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Scheffler is trying to make history at The Players Championship by winning two years in a row. No one has ever done this before

Tiger Woods, Jack Nicklaus, and other top golfers have never achieved it. The challenge for Scottie Scheffler this week at The Players Championship is trying to be the first player to win back-to-back. Scheffler is in a good position, but


PONTE VEDRA BEACH, Fla. (AP) — Tiger Woods and Jack Nicklaus never did it. They didn't achieve this before The Players Championship was held at TPC Sawgrass.

This is the 50th edition of the PGA Tour’s main championship, and no one has ever defended their title. Now it's Scottie Scheffler's turn, and the odds are in his favor as much as any of the previous winners.

This includes Woods, who only had one chance in 2002, didn’t play well and finished tied for 14th.

“I just think it’s a golf course where you don’t see many repeat winners in general,” Scheffler said. “There’s not a guy that you have seen win on this golf course a bunch.”

Only five players have won twice on the Stadium Course at the TPC Sawgrass. Nicklaus won The Players three times, but that was before it moved permanently to this Pete Dye arena of endless thrills and that one (mostly) island green on the par-3 17th.

Scheffler is currently the top player in the world, the first time the defending champion of The Players has been at the top of the world ranking since Jason Day in 2016. The difference is Scheffler arrived at Sawgrass straight from a dominant performance to win at Bay Hill by five shots.

Already the best from tee-to-green, his putter finally came to life and the rest of golf’s best had every reason to be nervous.

“I’ve personally had some really, really nice ball-striking weeks,” FedEx Cup champion Viktor Hovland said. “But for him to have done that for so long and won so many tournaments that he’s done the last couple years is very, very impressive. Because you get into periods of times where you feel like you can’t miss and you’re hitting it on a string, but then next month it might feel a little bit difficult. He just seems to keep doing what he’s doing.”

Scheffler has been No. 1 for the last 10 months, and it’s not difficult to do the math. Along with three victories in the last year — that includes the Hero World Challenge in the Bahamas — he has finished out of the top 10 only three times in 22 tournaments.

How that translates to Sawgrass is yet to be seen, even on a course where a year ago it looked as though he was playing alone. He led by six shots at one point and won by five shots, just as he did at the Arnold Palmer Invitational.

History, however, is not on his side. The Stadium Course has a reputation of never favoring a single style of golf, and there is trouble just about everywhere that everyone seems to find at some point over the tournament.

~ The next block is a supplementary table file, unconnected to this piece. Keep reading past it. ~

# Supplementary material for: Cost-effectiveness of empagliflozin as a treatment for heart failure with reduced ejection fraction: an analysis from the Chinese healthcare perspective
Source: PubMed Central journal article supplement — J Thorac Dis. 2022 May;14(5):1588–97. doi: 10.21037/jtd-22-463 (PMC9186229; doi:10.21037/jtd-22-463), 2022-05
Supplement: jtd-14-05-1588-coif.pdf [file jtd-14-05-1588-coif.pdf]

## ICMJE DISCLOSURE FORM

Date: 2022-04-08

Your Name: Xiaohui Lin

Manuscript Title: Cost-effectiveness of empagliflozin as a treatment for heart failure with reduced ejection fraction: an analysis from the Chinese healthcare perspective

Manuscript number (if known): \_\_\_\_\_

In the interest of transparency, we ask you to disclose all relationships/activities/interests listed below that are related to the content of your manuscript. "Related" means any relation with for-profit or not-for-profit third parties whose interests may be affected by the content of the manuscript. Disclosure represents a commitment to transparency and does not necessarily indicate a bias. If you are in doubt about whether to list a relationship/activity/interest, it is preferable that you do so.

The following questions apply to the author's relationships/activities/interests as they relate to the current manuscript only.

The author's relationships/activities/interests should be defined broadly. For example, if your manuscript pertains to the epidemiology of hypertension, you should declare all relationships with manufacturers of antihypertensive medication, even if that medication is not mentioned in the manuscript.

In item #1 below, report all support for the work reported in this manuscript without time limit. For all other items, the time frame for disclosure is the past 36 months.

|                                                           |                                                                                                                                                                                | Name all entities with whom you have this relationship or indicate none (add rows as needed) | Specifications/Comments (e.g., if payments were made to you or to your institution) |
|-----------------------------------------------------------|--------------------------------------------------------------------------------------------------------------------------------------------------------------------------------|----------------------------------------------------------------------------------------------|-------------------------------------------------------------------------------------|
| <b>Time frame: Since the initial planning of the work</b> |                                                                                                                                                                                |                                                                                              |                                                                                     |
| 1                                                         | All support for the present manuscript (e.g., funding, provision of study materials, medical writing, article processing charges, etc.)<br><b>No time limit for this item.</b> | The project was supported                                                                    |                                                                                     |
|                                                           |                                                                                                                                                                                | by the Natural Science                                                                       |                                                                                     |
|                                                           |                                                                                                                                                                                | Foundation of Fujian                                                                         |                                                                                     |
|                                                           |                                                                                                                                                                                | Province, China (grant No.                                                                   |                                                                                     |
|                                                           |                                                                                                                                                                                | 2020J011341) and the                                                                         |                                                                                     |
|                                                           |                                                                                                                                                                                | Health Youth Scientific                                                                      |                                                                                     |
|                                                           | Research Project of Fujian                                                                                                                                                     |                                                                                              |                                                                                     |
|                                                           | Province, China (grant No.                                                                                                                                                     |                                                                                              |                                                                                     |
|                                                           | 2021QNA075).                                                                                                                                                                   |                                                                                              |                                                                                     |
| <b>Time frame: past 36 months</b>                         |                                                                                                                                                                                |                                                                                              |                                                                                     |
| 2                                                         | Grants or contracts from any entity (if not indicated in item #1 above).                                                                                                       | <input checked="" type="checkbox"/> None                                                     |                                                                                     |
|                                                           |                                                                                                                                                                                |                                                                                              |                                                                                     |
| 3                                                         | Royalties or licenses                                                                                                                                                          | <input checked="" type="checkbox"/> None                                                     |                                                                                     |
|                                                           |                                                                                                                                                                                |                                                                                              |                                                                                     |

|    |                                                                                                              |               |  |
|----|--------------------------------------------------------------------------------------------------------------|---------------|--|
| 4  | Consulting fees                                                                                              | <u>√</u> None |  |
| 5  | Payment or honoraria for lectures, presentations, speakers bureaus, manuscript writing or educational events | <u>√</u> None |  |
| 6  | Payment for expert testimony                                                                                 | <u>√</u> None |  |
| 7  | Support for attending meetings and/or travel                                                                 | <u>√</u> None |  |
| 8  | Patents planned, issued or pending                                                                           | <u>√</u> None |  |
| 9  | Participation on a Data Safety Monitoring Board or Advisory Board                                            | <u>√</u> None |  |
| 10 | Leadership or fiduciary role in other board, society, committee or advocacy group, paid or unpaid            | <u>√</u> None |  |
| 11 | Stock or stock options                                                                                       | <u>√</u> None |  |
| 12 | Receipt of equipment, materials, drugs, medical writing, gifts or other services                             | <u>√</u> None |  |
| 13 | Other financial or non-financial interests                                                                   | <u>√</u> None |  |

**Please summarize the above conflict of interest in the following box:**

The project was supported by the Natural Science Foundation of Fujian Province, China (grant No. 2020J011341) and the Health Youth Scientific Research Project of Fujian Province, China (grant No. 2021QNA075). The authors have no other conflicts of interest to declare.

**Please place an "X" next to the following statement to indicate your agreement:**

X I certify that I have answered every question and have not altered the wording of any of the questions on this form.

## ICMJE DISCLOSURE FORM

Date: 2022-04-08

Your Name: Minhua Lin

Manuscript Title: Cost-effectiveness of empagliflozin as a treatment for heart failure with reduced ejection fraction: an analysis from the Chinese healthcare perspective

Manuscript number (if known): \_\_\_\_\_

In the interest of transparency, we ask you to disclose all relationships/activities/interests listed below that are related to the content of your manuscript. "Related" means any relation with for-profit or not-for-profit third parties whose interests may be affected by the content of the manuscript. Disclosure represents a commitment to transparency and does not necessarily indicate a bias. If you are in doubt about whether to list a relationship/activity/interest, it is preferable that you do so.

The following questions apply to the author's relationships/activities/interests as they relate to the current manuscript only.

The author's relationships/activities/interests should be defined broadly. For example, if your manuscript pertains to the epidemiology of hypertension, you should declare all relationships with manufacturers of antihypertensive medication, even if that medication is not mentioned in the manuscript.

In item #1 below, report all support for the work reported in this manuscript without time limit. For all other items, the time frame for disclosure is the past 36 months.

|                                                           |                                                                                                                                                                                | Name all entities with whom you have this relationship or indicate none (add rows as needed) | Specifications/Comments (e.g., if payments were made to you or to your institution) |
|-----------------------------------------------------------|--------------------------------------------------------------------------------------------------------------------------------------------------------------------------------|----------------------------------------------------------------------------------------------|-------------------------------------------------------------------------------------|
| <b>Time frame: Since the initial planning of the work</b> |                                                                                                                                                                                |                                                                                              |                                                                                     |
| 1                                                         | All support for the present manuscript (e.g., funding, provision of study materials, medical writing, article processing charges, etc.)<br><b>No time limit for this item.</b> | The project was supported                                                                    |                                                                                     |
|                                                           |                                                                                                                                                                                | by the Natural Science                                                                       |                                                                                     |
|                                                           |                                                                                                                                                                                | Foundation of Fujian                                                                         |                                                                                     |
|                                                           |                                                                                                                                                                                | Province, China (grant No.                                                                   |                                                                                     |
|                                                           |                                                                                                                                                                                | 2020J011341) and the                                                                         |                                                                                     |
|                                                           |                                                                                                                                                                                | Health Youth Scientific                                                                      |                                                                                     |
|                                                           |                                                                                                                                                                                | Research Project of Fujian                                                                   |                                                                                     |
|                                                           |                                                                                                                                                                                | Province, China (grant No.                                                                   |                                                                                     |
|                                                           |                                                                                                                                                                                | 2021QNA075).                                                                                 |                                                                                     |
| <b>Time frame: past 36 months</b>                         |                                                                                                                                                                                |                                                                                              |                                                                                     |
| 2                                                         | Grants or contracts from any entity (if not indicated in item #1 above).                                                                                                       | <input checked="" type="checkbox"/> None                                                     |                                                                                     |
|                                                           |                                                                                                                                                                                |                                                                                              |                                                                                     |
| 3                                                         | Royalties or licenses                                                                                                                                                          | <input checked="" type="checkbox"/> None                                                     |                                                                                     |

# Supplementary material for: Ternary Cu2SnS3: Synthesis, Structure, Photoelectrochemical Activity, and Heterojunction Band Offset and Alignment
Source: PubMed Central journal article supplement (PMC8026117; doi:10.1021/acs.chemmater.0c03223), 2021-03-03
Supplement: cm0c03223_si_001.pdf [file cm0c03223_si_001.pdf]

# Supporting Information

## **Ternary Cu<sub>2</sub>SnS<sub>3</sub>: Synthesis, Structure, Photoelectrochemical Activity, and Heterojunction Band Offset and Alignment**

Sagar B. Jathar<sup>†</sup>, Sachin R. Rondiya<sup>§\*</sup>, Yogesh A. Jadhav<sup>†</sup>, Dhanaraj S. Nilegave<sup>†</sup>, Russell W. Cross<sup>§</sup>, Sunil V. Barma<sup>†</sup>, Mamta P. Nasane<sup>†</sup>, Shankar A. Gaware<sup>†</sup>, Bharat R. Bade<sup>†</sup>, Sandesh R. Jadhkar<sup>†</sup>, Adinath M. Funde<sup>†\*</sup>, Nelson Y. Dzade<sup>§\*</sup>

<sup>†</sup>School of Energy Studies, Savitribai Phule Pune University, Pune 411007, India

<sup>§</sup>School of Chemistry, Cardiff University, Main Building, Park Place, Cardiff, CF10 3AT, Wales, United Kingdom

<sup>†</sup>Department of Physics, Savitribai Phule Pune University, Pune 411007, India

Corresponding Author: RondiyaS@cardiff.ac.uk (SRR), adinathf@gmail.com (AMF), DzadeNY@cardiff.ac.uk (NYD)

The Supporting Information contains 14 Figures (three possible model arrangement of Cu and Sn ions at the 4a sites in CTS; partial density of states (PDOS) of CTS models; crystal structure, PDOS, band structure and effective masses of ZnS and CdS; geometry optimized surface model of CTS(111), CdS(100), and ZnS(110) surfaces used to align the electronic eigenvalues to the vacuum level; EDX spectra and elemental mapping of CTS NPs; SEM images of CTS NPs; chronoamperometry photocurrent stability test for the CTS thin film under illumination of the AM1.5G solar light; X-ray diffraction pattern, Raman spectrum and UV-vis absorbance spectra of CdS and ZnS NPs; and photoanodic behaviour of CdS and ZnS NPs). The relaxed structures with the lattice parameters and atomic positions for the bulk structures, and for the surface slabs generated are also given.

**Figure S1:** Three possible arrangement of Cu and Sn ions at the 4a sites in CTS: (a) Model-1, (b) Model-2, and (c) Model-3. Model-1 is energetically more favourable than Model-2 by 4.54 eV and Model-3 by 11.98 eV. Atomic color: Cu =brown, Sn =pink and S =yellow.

“That’s why I think it’s one of the best places we play on tour, just because it really doesn’t suit one type of player,” Scheffler said. ”Bomb-and-gouge doesn’t really work out here. But then you even have the shorter hitters that plot it around that can struggle here, because you got to hit it exactly where you’re looking or you’re going to be punished pretty severely.”

What has changed is The Players now needs an asterisk, but only if it claims to have the strongest and deepest field in golf. World ranking aside, golf is so divided now because of the defections to LIV Golf that all the best are not at Sawgrass — not Masters champion Jon Rahm or Cameron Smith, who conquered Sawgrass two years ago. Not Dustin Johnson and Brooks Koepka or Bryson DeChambeau.

PGA Tour Commissioner Jay Monahan sounds like there's no immediate solution.

Monahan said any agreement with the Saudis and any fix for the divided landscape in golf will take time.

The Players starts on Thursday, and at the very least, it's a time to shift the focus to the competition for four days.

Xander Schauffele criticized Monahan, saying he has "a long way to go" to rebuild trust. Rory McIlroy expressed support for Monahan, stating he was the right choice for the job and the tour was in a stronger position with new funding from private investors.

Scheffler implied that the players not at Sawgrass this week because of LIV should take responsibility for the division.

He suggested that the players who left are to blame for any fan dissatisfaction, stating that the division stems from their absence.

Schauffele perhaps summed it up the best.

He said, “I think you would like to have those players playing in an ideal world, but I feel like we’re sort of beating a dead horse in this media room a little bit.”


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